Of course, vehicle dwellers also spend lots of time inside their heads, ruminating on our situations. In my case, I am endlessly worried that I will never find a way out of this situation and into my own private home with all my special needs met.
By “home,” I don’t necessarily mean a site-built house. I am open to many alternative possibilities.
For people who are in this situation, life is bad enough. Still, for those of us with special needs due to medical conditions or other conditions, such as being chronically ill with a list of maladies and being an adult on the autism spectrum, life in this situation is generally not worth living.
I site the friend I have on Twitter who spent more than half a decade in her vehicle with her young adult daughter and her dog. She was eventually placed in an apartment in a bad neighborhood in a building permeated by tobacco and marijuana smoke, bed bugs, excessive noise, nasty, threatening neighbors, and high crime. I don’t think you have to have autism to consider that a nightmare scenario.
In many ways, she admits she was better off in her car. But of course, she needed a kitchen, bathroom, and bed.
So do I, but I would rather achieve that with a fully functional, working RV or a piece of land to build a tiny house or find a little cottage somewhere. I’d settle for a decent-sized shed at this point! I would never willingly move into a building like the one where she was placed. To me, that is jumping from the frying pan into the fire.
Unfortunately, there is not just a lack of affordable housing. There is a lack of decent, affordable housing.
Shoving a bunch of strangers into a big building of interconnected apartments never sounded like a good idea to me. Still, the reality is that the police can do very little to enforce smoking laws or noise ordinances, and slum lords don’t care.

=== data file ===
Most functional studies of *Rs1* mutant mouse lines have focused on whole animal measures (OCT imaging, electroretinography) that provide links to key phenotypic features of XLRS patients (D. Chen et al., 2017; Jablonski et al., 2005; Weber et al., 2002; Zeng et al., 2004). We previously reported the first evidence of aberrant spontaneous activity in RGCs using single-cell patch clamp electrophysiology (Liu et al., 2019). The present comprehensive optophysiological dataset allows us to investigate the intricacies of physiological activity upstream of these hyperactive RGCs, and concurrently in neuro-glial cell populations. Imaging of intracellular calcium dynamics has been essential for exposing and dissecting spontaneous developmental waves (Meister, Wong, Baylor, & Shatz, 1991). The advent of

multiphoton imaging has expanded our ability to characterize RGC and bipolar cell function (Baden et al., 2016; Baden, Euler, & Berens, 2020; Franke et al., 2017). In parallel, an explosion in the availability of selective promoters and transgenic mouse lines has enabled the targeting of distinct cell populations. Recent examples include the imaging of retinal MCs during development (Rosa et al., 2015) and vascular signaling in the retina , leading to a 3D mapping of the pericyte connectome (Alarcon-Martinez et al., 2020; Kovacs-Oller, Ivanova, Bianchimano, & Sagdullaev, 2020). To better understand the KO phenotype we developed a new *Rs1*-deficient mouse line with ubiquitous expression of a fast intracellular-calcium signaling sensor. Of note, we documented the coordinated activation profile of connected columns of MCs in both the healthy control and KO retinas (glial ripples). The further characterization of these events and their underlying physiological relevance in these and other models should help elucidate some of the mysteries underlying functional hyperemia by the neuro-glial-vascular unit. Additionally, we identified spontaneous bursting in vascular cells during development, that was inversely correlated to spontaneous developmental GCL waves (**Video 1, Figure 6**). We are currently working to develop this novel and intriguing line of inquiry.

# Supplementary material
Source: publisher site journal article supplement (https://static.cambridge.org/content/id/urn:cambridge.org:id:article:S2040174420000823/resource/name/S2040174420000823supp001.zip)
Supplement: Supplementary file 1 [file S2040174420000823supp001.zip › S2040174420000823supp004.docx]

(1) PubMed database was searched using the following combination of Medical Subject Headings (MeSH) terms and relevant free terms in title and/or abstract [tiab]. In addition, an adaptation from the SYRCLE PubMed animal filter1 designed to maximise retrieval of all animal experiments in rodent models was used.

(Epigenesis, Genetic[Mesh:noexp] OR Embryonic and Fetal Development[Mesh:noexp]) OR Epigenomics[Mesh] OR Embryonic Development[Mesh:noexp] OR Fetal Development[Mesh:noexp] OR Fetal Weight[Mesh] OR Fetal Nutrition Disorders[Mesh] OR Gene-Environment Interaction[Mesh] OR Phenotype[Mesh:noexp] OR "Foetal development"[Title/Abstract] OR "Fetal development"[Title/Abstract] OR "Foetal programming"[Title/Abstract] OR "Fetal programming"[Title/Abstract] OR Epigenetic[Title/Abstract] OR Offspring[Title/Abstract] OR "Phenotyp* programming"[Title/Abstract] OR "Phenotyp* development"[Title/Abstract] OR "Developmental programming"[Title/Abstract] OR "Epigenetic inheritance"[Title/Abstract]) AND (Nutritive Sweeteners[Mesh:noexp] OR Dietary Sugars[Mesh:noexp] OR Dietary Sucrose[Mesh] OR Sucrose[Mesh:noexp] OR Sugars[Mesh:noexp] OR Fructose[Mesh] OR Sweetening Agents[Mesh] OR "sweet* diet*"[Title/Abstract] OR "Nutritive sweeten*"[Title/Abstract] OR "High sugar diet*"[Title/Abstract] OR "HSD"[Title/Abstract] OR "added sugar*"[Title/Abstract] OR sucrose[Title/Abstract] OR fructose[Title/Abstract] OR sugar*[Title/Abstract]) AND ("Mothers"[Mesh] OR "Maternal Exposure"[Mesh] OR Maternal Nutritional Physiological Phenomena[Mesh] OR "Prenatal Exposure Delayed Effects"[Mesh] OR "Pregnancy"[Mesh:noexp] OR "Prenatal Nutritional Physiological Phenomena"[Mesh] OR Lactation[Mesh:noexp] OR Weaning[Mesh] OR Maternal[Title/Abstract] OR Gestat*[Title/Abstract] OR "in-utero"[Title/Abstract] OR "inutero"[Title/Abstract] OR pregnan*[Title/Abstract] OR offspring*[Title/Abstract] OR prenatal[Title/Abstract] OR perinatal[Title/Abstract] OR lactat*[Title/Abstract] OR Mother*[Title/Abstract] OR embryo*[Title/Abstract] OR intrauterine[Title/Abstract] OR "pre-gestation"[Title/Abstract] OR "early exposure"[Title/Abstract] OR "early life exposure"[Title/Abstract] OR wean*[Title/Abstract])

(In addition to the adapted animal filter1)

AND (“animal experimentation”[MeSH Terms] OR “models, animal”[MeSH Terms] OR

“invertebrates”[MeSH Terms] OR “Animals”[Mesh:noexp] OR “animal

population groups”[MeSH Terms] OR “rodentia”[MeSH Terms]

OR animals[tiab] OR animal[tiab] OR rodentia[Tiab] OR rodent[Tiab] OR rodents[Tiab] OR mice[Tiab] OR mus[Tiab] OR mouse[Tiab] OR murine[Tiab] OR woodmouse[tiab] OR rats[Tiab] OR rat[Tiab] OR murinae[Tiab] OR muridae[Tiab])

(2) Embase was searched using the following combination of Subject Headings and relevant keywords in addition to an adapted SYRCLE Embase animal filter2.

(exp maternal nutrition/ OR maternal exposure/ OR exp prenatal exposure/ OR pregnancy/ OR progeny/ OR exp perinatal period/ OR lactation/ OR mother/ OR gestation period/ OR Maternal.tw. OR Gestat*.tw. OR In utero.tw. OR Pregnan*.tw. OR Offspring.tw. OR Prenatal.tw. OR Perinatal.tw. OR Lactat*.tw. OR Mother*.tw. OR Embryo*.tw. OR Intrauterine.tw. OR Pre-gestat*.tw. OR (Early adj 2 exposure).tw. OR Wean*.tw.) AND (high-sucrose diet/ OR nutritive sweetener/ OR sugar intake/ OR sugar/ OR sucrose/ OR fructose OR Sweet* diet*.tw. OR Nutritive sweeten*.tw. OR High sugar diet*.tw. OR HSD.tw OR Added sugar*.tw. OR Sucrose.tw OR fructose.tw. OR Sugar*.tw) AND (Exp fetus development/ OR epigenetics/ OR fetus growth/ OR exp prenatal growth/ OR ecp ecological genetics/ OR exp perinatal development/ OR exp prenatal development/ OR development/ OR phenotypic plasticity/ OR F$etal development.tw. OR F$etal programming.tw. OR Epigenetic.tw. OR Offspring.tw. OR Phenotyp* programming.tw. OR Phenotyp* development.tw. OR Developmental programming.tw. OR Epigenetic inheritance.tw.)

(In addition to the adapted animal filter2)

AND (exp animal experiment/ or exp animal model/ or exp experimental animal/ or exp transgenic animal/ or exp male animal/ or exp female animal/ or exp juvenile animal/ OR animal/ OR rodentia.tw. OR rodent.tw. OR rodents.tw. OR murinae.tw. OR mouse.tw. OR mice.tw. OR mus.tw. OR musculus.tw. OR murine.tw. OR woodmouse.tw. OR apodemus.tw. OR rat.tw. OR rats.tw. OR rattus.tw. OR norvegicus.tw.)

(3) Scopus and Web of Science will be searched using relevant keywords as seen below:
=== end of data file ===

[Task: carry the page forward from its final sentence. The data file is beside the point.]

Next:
My friend is disabled and has many sensitivities and breathing problems. Housing was not a salvation for her, just a new chapter of an ongoing hell.
Some people who are not disabled or sensitive to smoke or pesticides might think beggars can’t be choosers. But for those of you with understanding and compassion for others, you see how being chronically ill, elderly, or suffering from mental illness would require a clean, safe, and peaceful environment to accommodate those conditions.
How hard is it to imagine being driven to the brink by the unrelenting stress of poverty and poor health, lack of housing (or lack of decent housing), and then the intolerance of humans toward anyone but themselves added to it all?
With no hope of getting into a decent place to live, no hope of recovery from poor health, and no hope of enough money to solve your problems, what possible incentive does a person have to live on?
If your situation is hopeless, it’s hard to find any hope. Without hope for a better tomorrow, what is life but a miserable, painful waste of time?
Trust me, I’ve spoken to enough other homeless people who feel this way to tell you many of us are just stuck in a horrific limbo between life and a grave. As the housing crisis continues and the cost of living worsens, the grave is an appealing choice for many of us.